He then diverted his attention back to the road but I continued staring at him, at his red garments. “Daddy…have you been shot too?”

“Yes, Hannah.”

“Daddy, are you gonna die now?”

“No, Hannah, you just pray.”

As soon as my dad said this the only words I could find in my mouth was, “Jesus, Jesus, Jesus.” Every time I said the name, I would say it louder until it was almost a cry. That beautiful name on my lips worked wonders during the remainder of my time in that Land Cruiser. An amazing sense of peace washed over me and my fear had gone.

I then took this opportunity to explore my wound. I was curled up in a fetal position in a pool of my own blood so I had to painfully squirm to a position where I could pull my dress down with my left arm that I wasn’t using to clutch my chest. Just as I was about to pull it down, my father noticed and said, “Hannah, don’t look at that!”

Out of his own curiosity, he then reached over to me and pulled down my dress to have a look himself. We both looked. There was a gaping hole the size of a quarter in the middle of my chest. Every beat my heart would make a flow of blood would trickle out. I still had no fear. I actually continued to stare at my wound and I was upset that my new purple bathing suit was ruined.

“Daddy, that man put a hole in my new bathing suit!” I remained so passive which gave my father hope and courage that I was all right. He had no idea whether to stop the car and hold his daughter in case this was her last few minutes alive, or to continue driving to the nearest clinic. Fortunately, he made the right decision.

Miraculously we arrived safely without either of us slipping into unconsciousness. Doctors rushed out as crowds grew around the vehicle. At first people came to my father to assist him, but he threw everyone off and pointed to me, demanding that I was the one who needed to be taken care of. I was stiff, sleepy, and cold still lying in a pool of my own blood. I was carefully taken out of the vehicle and was rushed into the small clinic. All I could hear were beeps, voices, and people rushing. The wheels of my stretcher were squeaky, and I kept seeing familiar World Vision faces gawking at me. I kept hoping that I wasn’t naked. They looked me over, trying to understand where the bullet had been lodged. I didn’t understand what was taking so long. I just wanted to be told that everything was going to be okay. As I was waiting for news and beginning to feel panicky, the American ambassador and his wife stood by my side and held my hand.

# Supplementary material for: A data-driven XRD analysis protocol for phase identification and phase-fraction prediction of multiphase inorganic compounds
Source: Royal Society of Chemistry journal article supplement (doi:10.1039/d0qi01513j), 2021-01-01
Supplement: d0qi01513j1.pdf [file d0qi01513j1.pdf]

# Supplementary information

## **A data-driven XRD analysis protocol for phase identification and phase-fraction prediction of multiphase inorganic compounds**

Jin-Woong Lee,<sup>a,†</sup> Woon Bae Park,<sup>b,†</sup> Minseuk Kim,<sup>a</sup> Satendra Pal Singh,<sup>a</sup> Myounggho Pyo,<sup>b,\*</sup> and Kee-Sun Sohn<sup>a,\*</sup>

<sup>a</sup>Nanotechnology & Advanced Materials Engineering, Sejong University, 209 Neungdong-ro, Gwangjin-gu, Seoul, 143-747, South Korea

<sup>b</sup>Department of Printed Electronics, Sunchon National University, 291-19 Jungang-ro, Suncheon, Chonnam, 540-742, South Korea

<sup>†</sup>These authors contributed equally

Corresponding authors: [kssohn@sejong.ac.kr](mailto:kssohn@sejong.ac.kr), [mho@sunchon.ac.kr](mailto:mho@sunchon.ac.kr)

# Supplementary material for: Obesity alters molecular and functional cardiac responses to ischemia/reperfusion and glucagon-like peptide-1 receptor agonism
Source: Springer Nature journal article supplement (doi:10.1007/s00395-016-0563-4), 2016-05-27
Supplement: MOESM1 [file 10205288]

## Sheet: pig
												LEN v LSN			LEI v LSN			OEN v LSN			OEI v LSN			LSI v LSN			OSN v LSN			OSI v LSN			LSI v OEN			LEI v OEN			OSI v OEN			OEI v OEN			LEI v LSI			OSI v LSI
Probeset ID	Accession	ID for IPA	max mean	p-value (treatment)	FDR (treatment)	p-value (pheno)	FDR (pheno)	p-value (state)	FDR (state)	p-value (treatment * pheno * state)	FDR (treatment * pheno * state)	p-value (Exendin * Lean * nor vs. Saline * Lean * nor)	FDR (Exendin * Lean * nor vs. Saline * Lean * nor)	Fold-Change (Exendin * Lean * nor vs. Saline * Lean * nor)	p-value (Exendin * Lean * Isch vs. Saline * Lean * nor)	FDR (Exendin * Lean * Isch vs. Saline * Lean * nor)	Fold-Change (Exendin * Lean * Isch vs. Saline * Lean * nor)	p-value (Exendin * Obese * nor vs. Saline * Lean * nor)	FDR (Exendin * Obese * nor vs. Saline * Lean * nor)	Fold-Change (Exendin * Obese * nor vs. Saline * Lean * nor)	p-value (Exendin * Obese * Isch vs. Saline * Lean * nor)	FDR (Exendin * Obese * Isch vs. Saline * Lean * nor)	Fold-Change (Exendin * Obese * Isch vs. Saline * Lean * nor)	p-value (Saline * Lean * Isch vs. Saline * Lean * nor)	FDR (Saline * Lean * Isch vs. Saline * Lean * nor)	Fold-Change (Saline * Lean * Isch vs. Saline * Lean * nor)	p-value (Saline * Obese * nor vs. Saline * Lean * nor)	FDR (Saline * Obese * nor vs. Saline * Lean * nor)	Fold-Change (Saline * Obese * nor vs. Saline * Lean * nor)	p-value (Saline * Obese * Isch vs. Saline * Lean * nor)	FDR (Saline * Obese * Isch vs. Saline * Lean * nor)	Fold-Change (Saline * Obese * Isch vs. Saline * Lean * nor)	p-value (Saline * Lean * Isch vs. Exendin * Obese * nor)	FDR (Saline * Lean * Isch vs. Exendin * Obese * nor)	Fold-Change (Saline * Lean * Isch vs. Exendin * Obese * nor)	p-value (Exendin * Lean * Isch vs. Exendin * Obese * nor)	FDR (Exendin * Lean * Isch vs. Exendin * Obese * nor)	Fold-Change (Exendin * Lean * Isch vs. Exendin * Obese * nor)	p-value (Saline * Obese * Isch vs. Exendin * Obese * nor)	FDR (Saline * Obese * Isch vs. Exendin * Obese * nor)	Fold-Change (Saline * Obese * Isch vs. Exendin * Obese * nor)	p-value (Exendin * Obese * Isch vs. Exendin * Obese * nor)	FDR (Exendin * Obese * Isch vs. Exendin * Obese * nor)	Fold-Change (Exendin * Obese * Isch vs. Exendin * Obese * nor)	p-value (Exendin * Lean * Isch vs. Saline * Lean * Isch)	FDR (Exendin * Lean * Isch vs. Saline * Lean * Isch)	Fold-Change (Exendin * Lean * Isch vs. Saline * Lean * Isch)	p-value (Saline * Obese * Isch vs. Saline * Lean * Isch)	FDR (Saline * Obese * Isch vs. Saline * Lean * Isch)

After performing multiple x-rays they had discovered the bullet was nowhere in my body. After scratching heads and trying to understand how this was possible, an assistant began stripping off my bloody garments. The bullet was discovered caught in a fold of my dress. After further studies, they concluded that the bullet had entered my chest, bounced off my sternum, ricocheted, around my ribcage and exited right near my arm pit. If the bullet was half a centimeter in either direction, I would have died on the spot.

My father had taken a bullet to his arm, the same bullet that went through me. Except, he saved my life by receiving the bullet first. As we shared our sides of the stories, my father explained that he panicked when he saw the man aim at me, so he threw his arms up against the window to block his view. This actually slowed the impact of the bullet which aided in saving my life. The only conclusion of the miraculous situation was that God was extremely present during those few minutes. This was a part of His plan, only the beginning of many plans to unfold in my life.

We were evacuated to Paris the next night, where I could have more intensive care and proper stitching of my wounds. I remember having a handsome French doctor escort me to the hospital once we landed in Paris. I was lying in a stretcher with a goofy oxygen mask, in the back of an ambulance being driven hectically through Paris traffic. As one can imagine, it wasn’t the most idealistic setting to be in with a ridiculously good-looking doctor.

We reunited with my mother in Paris, and I spent two weeks recovering before I was released from the hospital. We stayed with my grandparents in the northern part of France as we decided what to do next. The FBI were constantly calling and interrogating my father, trying to capture as much information as they could. It was sort of neat really, at least for me. After a few more weeks, we received a call that they had found the shooter. This was a relief to all of us. I strongly desired to return to the country. I wanted to say goodbye to everyone at school and see my house again. After much contemplation we agreed as a family to return for six more months.

Little did I know what these six months held for my family and me. As time went on, I kept thinking about the prisoner who had tried to kill my father, and I had a growing desire to meet him. I do not understand why but I needed to see him, to put a face to him. If I was going to carry these scars for the rest of my life, I think I deserved to know a little more about the man who put them there.

At first we were denied the ability to meet with the prisoner. The FBI said it was too risky, and it would take too much governmental paperwork to be able have a meeting. However. A few weeks before we were due to leave the country, we received a call and were granted permission to have a one-hour meeting.

I was nervous about meeting him but never scared. In that hour, I met the man who tried to kill me and my father. His name was Sidi and I told him that I forgave him and held no bitterness in my heart against him. As we left, my mother gave the man a Bible, which was highly illegal to do in the country.

A week later we received a letter from Sidi, telling my family that we had forever changed his life and that he was beginning to understand the meaning of his life, seeing a light at the end of his dark tunnel. He called me an angel in the letter and that what stuck out to me most. We also found out later that by forgiving the man, he was pardoned of the death sentence that he was supposed to receive. The next few weeks my story was headlined in the Islamic newspapers, “Ten year old forgives her assassin.”